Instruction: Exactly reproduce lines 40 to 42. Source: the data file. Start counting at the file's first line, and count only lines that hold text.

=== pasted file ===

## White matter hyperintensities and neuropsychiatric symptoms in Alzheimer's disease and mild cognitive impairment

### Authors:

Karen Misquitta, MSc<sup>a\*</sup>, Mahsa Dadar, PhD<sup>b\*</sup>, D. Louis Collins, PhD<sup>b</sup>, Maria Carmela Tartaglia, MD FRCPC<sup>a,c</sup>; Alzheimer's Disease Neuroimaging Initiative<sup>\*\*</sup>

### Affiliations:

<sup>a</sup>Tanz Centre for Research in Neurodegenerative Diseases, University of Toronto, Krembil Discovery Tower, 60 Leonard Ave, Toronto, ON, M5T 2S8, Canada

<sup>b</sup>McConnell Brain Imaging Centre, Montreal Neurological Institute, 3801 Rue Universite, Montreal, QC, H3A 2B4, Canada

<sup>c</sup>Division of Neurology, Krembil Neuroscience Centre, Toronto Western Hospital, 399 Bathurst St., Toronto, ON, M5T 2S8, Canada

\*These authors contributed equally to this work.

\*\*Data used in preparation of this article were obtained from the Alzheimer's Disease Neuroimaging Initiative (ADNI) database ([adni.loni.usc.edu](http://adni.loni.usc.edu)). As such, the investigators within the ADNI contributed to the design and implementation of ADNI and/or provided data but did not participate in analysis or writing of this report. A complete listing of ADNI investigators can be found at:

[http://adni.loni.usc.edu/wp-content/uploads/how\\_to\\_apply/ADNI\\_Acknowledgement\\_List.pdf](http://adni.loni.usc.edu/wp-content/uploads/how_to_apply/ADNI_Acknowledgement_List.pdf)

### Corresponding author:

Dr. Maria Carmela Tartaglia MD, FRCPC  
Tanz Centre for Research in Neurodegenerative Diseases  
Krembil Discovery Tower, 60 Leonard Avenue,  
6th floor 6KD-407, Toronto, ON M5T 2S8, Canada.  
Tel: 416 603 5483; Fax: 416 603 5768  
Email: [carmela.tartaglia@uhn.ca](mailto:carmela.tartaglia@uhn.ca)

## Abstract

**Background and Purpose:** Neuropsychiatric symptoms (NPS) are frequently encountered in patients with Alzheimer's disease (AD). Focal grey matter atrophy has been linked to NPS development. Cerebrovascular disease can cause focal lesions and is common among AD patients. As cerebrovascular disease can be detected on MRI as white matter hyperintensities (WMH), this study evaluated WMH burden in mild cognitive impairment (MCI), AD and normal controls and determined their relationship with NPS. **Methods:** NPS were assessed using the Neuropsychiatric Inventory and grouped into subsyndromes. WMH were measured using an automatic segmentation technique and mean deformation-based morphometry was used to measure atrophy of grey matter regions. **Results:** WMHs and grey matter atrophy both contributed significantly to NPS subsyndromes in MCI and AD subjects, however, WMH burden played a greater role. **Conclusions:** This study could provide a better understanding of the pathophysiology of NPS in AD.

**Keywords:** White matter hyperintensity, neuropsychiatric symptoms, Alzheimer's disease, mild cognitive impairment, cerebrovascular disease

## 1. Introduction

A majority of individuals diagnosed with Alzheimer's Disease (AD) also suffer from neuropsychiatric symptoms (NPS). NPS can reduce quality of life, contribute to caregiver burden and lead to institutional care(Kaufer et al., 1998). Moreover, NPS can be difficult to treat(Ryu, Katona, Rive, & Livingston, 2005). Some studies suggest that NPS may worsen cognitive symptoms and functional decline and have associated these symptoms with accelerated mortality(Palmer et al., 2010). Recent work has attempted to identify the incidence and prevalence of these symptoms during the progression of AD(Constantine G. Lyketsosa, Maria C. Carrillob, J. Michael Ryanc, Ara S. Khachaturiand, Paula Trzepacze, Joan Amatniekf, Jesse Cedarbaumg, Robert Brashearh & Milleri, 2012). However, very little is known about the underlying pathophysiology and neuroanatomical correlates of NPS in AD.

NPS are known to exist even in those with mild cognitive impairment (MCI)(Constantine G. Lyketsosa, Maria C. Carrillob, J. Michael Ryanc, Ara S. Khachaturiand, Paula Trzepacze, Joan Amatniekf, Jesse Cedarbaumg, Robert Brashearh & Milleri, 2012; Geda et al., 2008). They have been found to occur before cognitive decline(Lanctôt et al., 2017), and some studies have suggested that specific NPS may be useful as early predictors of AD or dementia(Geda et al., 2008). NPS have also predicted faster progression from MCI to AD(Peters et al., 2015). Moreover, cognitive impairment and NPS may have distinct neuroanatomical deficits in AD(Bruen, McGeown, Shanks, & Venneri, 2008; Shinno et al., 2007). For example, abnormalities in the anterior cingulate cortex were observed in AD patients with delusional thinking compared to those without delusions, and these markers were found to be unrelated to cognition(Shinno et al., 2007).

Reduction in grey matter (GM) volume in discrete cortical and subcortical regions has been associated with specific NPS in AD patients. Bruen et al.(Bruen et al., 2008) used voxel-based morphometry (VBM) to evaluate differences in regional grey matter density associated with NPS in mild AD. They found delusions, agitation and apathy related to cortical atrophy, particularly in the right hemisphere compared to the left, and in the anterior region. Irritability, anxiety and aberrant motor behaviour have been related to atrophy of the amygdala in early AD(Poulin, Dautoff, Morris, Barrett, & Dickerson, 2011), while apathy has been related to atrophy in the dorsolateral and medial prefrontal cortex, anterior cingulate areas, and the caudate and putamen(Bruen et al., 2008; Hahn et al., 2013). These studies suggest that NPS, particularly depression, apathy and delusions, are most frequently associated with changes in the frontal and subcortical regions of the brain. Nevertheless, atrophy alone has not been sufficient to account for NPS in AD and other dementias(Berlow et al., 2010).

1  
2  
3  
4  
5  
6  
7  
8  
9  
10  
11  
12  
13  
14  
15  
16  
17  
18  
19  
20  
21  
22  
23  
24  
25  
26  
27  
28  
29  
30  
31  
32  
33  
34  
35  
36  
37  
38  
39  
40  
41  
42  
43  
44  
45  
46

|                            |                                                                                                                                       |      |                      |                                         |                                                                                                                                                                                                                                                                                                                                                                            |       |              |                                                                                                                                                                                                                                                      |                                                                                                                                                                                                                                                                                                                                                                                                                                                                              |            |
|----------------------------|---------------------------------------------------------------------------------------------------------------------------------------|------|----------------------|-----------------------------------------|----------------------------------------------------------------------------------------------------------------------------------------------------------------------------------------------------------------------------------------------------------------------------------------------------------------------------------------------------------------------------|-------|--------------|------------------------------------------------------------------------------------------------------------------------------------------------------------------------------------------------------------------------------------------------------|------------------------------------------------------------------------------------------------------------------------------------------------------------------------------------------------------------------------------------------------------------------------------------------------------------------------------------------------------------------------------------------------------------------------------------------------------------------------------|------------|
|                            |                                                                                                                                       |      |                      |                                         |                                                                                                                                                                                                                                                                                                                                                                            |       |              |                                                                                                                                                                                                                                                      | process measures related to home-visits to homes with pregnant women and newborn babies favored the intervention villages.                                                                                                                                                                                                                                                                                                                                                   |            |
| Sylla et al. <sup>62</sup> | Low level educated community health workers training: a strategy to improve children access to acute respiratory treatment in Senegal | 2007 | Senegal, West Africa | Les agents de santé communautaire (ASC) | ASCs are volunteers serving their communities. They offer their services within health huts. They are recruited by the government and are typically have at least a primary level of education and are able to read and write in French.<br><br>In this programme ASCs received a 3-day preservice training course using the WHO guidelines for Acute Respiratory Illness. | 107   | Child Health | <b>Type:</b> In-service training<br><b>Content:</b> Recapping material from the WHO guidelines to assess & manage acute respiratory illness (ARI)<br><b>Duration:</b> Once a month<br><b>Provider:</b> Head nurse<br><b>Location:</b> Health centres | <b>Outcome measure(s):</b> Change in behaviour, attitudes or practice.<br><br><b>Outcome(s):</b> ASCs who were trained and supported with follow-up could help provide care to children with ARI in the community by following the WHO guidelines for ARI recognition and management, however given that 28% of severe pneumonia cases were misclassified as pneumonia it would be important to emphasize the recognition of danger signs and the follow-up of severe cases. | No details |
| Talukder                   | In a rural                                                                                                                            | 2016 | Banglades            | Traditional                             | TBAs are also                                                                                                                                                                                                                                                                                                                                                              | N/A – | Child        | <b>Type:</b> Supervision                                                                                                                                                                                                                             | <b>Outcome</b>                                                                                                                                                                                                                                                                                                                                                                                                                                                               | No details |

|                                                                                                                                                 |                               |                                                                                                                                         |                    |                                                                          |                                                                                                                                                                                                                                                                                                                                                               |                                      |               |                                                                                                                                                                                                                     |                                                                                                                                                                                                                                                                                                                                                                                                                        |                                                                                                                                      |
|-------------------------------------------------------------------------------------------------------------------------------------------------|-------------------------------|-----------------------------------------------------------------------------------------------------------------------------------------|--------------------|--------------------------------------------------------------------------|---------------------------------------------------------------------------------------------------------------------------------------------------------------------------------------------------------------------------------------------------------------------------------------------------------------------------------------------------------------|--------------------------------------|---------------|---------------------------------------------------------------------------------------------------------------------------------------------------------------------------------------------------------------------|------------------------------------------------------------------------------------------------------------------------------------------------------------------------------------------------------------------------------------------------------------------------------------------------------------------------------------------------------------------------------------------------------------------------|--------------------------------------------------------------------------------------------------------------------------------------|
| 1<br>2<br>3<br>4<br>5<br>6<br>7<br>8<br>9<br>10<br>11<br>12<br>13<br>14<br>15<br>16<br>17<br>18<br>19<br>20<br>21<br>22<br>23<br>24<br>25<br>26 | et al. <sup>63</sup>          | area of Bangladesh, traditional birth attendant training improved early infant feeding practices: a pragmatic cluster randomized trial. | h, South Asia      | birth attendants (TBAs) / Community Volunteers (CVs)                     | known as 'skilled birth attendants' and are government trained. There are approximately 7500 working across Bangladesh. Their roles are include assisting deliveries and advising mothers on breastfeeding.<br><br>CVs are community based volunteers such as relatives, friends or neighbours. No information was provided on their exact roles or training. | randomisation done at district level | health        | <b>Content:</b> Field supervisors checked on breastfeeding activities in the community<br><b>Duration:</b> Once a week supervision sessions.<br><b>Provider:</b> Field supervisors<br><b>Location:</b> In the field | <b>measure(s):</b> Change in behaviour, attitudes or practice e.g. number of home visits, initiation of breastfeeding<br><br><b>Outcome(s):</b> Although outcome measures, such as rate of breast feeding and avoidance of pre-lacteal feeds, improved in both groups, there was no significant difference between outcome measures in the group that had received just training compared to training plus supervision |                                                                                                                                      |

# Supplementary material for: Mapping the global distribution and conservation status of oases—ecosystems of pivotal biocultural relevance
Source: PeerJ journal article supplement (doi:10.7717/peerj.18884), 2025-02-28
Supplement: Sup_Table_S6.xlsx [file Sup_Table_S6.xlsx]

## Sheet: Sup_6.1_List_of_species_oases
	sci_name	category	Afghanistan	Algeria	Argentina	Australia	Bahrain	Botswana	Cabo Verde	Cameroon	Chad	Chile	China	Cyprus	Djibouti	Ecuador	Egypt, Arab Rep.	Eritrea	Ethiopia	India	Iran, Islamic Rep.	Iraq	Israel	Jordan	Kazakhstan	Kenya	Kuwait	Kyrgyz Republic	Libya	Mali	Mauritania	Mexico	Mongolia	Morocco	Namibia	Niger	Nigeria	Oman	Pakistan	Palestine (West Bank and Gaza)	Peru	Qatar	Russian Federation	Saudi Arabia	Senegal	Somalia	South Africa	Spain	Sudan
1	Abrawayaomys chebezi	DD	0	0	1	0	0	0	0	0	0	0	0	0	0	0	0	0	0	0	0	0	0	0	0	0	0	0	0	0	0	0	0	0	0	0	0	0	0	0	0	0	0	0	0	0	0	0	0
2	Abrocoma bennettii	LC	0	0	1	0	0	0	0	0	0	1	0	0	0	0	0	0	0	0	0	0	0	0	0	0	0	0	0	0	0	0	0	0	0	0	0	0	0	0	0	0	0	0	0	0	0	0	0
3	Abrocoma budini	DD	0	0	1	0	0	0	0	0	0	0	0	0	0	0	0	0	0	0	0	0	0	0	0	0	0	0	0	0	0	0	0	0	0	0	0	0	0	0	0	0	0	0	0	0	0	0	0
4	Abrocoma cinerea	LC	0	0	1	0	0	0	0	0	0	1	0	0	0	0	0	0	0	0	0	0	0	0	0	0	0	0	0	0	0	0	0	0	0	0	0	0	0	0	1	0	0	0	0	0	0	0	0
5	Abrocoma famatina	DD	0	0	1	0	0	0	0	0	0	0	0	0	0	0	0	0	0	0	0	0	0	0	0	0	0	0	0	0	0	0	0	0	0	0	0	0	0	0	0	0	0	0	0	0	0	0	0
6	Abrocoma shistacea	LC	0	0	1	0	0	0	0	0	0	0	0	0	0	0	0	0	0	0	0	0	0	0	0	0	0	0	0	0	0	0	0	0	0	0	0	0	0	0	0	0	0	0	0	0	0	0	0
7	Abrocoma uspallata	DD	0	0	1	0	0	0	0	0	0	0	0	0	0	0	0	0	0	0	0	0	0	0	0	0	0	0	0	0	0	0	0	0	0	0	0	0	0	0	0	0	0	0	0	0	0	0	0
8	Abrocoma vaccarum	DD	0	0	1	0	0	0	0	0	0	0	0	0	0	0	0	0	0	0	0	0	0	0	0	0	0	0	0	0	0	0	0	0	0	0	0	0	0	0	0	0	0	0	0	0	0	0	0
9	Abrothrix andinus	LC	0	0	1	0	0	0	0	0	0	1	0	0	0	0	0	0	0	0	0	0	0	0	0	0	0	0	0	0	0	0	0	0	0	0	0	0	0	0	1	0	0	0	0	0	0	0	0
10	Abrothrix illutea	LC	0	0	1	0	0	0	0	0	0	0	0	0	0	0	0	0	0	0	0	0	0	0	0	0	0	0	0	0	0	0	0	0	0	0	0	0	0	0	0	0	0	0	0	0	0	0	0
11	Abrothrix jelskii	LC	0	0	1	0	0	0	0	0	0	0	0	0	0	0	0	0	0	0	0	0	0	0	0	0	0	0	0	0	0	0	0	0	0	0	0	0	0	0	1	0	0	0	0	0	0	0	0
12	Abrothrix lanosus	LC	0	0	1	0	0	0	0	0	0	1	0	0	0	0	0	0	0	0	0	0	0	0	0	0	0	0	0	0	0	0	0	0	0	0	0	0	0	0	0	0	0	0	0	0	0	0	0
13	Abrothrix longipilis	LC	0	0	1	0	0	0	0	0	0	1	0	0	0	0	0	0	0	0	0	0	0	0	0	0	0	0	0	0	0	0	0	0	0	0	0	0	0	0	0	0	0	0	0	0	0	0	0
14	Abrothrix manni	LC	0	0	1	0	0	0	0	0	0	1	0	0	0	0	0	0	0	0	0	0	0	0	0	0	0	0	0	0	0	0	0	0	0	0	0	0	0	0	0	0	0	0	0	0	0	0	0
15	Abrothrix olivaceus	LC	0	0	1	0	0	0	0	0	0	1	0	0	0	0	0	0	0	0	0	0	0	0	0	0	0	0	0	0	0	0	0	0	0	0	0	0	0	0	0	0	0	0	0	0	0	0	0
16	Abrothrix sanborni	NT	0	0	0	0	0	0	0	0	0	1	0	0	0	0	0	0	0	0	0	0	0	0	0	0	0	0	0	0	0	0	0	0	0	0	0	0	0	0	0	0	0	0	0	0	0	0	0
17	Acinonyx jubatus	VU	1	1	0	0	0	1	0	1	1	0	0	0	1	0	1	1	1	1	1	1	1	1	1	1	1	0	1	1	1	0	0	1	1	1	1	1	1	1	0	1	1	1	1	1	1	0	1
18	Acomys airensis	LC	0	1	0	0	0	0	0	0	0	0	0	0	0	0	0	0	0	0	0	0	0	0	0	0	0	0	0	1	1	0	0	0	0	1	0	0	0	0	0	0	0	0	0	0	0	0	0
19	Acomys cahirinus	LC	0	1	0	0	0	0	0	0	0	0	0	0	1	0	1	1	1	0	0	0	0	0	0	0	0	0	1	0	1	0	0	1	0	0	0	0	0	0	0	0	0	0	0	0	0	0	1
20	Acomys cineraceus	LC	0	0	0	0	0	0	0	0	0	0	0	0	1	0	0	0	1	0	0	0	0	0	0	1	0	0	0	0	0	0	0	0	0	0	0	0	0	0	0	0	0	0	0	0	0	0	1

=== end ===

16  
17  
18  